Top 5 Tips for Special Needs during CV19

Recent studies have shown that those who have special needs have been adversely affected by the recent outbreak of COVID-19. This apparent respiratory virus is known to cause fevers and breathing issues among those who have been diagnosed. Unfortunately, those with intellectual disabilities and other special needs are experiencing higher rates of infection than those without. 

As the number of infections in the United States and Canada surpass 100,000 cases, it’s more important than ever to take care of those with special needs. Whether you have special needs yourself or you’re trying to better help your loved one, here are some of the top tips you can use to stay healthier in the face of CV19. 

1. Make masks fun 

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One of the most important ways to stop the spread CV19 is by wearing a mask. In fact, medical centers are saying that wearing a face mask is crucial to flattening the curve. Not only do face masks stop you from breathing in contaminants that result in the virus, but they also stop you, as a potential virus carrier, from spreading it to other people.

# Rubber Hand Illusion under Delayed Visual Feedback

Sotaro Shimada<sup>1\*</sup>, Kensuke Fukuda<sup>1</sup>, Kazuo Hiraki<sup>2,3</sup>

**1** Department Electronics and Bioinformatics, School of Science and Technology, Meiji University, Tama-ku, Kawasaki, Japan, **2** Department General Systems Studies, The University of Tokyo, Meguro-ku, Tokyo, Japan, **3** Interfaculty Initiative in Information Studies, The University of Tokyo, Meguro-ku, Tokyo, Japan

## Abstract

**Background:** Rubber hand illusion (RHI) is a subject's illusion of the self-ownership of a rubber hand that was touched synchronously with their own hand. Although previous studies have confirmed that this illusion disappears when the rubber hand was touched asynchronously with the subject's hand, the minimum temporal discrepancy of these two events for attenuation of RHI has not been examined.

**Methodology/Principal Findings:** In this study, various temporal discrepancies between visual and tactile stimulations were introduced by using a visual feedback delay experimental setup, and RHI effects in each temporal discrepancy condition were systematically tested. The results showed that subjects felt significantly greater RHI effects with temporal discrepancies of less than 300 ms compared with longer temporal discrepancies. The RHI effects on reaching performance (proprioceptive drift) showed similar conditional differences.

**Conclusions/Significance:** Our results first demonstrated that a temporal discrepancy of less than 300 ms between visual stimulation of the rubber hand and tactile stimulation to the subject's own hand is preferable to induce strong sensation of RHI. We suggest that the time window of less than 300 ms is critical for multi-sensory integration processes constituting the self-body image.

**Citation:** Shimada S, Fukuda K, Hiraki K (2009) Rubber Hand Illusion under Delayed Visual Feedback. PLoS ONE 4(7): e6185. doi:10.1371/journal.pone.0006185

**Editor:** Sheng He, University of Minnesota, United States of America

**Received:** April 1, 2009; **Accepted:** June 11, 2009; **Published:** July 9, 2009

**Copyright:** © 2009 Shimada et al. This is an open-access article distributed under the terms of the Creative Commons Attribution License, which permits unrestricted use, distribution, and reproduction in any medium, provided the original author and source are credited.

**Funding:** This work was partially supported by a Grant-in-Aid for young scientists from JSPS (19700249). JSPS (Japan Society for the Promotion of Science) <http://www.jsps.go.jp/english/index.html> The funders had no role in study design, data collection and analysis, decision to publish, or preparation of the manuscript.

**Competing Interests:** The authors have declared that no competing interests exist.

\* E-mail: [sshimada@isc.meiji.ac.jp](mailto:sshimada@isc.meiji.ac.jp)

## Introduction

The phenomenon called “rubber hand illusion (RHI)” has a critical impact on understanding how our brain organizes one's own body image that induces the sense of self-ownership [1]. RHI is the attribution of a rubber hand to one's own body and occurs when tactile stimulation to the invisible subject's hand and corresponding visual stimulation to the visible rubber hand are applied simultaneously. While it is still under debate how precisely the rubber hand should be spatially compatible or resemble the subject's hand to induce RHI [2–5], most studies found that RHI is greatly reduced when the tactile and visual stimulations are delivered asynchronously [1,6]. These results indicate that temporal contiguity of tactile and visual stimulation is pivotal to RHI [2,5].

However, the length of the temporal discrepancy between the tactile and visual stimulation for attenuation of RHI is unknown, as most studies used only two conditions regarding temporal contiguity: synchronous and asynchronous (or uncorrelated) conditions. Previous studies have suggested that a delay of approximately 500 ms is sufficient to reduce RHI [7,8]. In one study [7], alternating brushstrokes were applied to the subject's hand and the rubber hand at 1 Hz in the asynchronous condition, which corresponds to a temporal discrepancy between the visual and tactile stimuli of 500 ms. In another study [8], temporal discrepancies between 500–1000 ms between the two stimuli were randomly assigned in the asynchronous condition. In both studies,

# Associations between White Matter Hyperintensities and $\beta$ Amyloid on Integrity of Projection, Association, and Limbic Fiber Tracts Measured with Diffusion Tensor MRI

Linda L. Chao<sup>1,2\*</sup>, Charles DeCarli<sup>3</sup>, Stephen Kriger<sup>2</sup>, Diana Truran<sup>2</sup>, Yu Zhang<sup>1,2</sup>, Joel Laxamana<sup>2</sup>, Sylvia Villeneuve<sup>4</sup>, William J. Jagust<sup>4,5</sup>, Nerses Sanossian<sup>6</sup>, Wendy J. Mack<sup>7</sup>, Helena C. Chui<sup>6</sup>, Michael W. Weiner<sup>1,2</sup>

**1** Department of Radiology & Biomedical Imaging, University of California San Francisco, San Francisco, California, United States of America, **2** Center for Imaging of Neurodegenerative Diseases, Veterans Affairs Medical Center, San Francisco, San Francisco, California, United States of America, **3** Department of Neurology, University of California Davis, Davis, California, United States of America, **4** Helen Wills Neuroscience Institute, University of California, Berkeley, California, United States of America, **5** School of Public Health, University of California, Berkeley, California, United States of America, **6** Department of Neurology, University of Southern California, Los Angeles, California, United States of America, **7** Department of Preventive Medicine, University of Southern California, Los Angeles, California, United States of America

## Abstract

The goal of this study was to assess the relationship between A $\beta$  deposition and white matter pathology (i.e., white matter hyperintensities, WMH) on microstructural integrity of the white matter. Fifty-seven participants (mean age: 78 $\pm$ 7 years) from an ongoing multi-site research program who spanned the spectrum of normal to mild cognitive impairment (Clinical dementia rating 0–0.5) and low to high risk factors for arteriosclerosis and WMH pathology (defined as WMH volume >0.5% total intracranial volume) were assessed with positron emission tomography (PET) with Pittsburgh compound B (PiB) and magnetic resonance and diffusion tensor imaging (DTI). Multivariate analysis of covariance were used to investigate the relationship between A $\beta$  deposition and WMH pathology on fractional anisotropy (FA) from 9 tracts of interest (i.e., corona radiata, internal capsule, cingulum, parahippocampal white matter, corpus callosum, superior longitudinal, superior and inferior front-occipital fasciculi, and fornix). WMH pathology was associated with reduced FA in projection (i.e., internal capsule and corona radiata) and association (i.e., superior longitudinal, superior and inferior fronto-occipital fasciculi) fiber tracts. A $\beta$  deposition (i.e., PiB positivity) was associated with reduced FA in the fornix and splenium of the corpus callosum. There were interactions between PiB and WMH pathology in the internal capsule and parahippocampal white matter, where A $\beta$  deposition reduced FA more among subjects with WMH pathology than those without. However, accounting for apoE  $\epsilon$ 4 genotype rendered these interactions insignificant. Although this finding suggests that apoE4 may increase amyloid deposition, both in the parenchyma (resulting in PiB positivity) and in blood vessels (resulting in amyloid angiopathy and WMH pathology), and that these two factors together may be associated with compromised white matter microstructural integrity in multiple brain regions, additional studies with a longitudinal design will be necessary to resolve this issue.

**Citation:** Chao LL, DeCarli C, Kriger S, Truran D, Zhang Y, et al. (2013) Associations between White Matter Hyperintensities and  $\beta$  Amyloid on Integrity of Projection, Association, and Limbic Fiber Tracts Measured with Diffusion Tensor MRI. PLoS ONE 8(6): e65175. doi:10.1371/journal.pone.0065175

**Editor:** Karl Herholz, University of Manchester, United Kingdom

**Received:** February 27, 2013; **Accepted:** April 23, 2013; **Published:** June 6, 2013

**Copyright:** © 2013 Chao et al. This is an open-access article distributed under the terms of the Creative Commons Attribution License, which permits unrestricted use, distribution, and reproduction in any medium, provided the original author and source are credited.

At this stage, we must all act like everyone is infected — including yourself. Unfortunately, many people are not wearing masks; after all, masks are uncomfortable and they’re easy to forget when you’re going on a quick trip to the store. But it’s because of people failing to wear their masks that numbers are on the rise again.